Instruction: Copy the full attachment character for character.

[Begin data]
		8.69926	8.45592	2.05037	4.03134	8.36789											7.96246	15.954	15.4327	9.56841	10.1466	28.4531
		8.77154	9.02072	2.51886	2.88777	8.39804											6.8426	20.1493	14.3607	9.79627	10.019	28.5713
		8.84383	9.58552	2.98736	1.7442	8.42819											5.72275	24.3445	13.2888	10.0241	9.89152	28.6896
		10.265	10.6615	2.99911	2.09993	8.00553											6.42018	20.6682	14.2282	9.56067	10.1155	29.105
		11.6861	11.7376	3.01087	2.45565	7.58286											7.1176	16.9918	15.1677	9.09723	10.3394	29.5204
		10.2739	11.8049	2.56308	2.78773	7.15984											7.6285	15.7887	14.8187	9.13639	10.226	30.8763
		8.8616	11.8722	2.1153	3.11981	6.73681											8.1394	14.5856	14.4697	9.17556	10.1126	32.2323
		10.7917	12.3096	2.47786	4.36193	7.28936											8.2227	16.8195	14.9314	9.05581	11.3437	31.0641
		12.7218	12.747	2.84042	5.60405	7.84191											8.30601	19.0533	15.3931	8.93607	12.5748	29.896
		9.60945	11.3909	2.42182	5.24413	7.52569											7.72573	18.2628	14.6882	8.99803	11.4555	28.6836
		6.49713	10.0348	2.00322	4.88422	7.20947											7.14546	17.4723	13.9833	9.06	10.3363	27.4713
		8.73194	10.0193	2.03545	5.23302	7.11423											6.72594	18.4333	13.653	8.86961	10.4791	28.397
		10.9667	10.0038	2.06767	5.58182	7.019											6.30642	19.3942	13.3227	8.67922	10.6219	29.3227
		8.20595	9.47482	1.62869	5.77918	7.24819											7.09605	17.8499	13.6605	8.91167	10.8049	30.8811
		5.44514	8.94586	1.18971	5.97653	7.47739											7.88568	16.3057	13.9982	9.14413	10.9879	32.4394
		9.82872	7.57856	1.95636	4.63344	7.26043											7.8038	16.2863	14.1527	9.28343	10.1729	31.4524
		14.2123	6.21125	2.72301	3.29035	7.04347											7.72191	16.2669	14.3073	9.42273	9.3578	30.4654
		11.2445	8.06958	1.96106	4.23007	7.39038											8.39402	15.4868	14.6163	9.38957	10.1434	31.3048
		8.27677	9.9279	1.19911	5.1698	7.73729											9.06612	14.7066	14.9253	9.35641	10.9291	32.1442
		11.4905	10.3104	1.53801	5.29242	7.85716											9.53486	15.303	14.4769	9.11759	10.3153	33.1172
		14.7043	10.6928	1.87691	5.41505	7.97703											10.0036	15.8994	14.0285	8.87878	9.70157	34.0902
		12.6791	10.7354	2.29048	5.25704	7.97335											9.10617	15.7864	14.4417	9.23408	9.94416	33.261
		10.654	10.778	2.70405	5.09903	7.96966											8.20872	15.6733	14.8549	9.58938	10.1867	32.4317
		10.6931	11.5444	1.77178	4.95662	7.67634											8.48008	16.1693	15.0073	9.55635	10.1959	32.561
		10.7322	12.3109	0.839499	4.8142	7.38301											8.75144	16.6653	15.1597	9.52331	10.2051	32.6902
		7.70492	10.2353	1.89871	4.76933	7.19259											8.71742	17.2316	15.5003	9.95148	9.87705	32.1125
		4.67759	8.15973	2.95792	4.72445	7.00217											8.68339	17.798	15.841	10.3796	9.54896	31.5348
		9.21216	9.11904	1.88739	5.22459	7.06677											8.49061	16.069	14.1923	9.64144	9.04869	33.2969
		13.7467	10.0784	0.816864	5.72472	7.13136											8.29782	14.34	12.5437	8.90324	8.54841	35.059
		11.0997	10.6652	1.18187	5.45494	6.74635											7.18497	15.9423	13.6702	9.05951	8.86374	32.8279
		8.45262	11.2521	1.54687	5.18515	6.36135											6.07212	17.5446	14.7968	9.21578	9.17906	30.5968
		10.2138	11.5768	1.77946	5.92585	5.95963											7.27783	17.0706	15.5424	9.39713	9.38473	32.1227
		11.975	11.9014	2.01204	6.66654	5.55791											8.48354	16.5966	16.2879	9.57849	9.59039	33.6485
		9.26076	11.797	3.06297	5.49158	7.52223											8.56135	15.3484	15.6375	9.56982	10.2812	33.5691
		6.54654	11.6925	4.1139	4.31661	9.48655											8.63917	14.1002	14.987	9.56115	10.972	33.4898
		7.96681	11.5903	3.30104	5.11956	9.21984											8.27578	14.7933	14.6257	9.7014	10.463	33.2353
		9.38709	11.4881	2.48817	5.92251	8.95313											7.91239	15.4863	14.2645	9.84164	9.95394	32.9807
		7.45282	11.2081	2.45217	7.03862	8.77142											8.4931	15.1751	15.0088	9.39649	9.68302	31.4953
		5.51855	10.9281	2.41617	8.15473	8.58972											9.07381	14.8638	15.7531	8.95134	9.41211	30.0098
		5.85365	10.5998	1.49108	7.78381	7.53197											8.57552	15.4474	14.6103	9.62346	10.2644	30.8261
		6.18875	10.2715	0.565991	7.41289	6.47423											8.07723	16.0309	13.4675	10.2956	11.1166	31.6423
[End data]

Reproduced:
		8.69926	8.45592	2.05037	4.03134	8.36789											7.96246	15.954	15.4327	9.56841	10.1466	28.4531
		8.77154	9.02072	2.51886	2.88777	8.39804											6.8426	20.1493	14.3607	9.79627	10.019	28.5713
		8.84383	9.58552	2.98736	1.7442	8.42819											5.72275	24.3445	13.2888	10.0241	9.89152	28.6896
		10.265	10.6615	2.99911	2.09993	8.00553											6.42018	20.6682	14.2282	9.56067	10.1155	29.105
		11.6861	11.7376	3.01087	2.45565	7.58286											7.1176	16.9918	15.1677	9.09723	10.3394	29.5204
		10.2739	11.8049	2.56308	2.78773	7.15984											7.6285	15.7887	14.8187	9.13639	10.226	30.8763
		8.8616	11.8722	2.1153	3.11981	6.73681											8.1394	14.5856	14.4697	9.17556	10.1126	32.2323
		10.7917	12.3096	2.47786	4.36193	7.28936											8.2227	16.8195	14.9314	9.05581	11.3437	31.0641
		12.7218	12.747	2.84042	5.60405	7.84191											8.30601	19.0533	15.3931	8.93607	12.5748	29.896
		9.60945	11.3909	2.42182	5.24413	7.52569											7.72573	18.2628	14.6882	8.99803	11.4555	28.6836
		6.49713	10.0348	2.00322	4.88422	7.20947											7.14546	17.4723	13.9833	9.06	10.3363	27.4713
		8.73194	10.0193	2.03545	5.23302	7.11423											6.72594	18.4333	13.653	8.86961	10.4791	28.397
		10.9667	10.0038	2.06767	5.58182	7.019											6.30642	19.3942	13.3227	8.67922	10.6219	29.3227
		8.20595	9.47482	1.62869	5.77918	7.24819											7.09605	17.8499	13.6605	8.91167	10.8049	30.8811
		5.44514	8.94586	1.18971	5.97653	7.47739											7.88568	16.3057	13.9982	9.14413	10.9879	32.4394
		9.82872	7.57856	1.95636	4.63344	7.26043											7.8038	16.2863	14.1527	9.28343	10.1729	31.4524
		14.2123	6.21125	2.72301	3.29035	7.04347											7.72191	16.2669	14.3073	9.42273	9.3578	30.4654
		11.2445	8.06958	1.96106	4.23007	7.39038											8.39402	15.4868	14.6163	9.38957	10.1434	31.3048
		8.27677	9.9279	1.19911	5.1698	7.73729											9.06612	14.7066	14.9253	9.35641	10.9291	32.1442
		11.4905	10.3104	1.53801	5.29242	7.85716											9.53486	15.303	14.4769	9.11759	10.3153	33.1172
		14.7043	10.6928	1.87691	5.41505	7.97703											10.0036	15.8994	14.0285	8.87878	9.70157	34.0902
		12.6791	10.7354	2.29048	5.25704	7.97335											9.10617	15.7864	14.4417	9.23408	9.94416	33.261
		10.654	10.778	2.70405	5.09903	7.96966											8.20872	15.6733	14.8549	9.58938	10.1867	32.4317
		10.6931	11.5444	1.77178	4.95662	7.67634											8.48008	16.1693	15.0073	9.55635	10.1959	32.561
		10.7322	12.3109	0.839499	4.8142	7.38301											8.75144	16.6653	15.1597	9.52331	10.2051	32.6902
		7.70492	10.2353	1.89871	4.76933	7.19259											8.71742	17.2316	15.5003	9.95148	9.87705	32.1125
		4.67759	8.15973	2.95792	4.72445	7.00217											8.68339	17.798	15.841	10.3796	9.54896	31.5348
		9.21216	9.11904	1.88739	5.22459	7.06677											8.49061	16.069	14.1923	9.64144	9.04869	33.2969
		13.7467	10.0784	0.816864	5.72472	7.13136											8.29782	14.34	12.5437	8.90324	8.54841	35.059
		11.0997	10.6652	1.18187	5.45494	6.74635											7.18497	15.9423	13.6702	9.05951	8.86374	32.8279
		8.45262	11.2521	1.54687	5.18515	6.36135											6.07212	17.5446	14.7968	9.21578	9.17906	30.5968
		10.2138	11.5768	1.77946	5.92585	5.95963											7.27783	17.0706	15.5424	9.39713	9.38473	32.1227
		11.975	11.9014	2.01204	6.66654	5.55791											8.48354	16.5966	16.2879	9.57849	9.59039	33.6485
		9.26076	11.797	3.06297	5.49158	7.52223											8.56135	15.3484	15.6375	9.56982	10.2812	33.5691
		6.54654	11.6925	4.1139	4.31661	9.48655											8.63917	14.1002	14.987	9.56115	10.972	33.4898
		7.96681	11.5903	3.30104	5.11956	9.21984											8.27578	14.7933	14.6257	9.7014	10.463	33.2353
		9.38709	11.4881	2.48817	5.92251	8.95313											7.91239	15.4863	14.2645	9.84164	9.95394	32.9807
		7.45282	11.2081	2.45217	7.03862	8.77142											8.4931	15.1751	15.0088	9.39649	9.68302	31.4953
		5.51855	10.9281	2.41617	8.15473	8.58972											9.07381	14.8638	15.7531	8.95134	9.41211	30.0098
		5.85365	10.5998	1.49108	7.78381	7.53197											8.57552	15.4474	14.6103	9.62346	10.2644	30.8261
		6.18875	10.2715	0.565991	7.41289	6.47423											8.07723	16.0309	13.4675	10.2956	11.1166	31.6423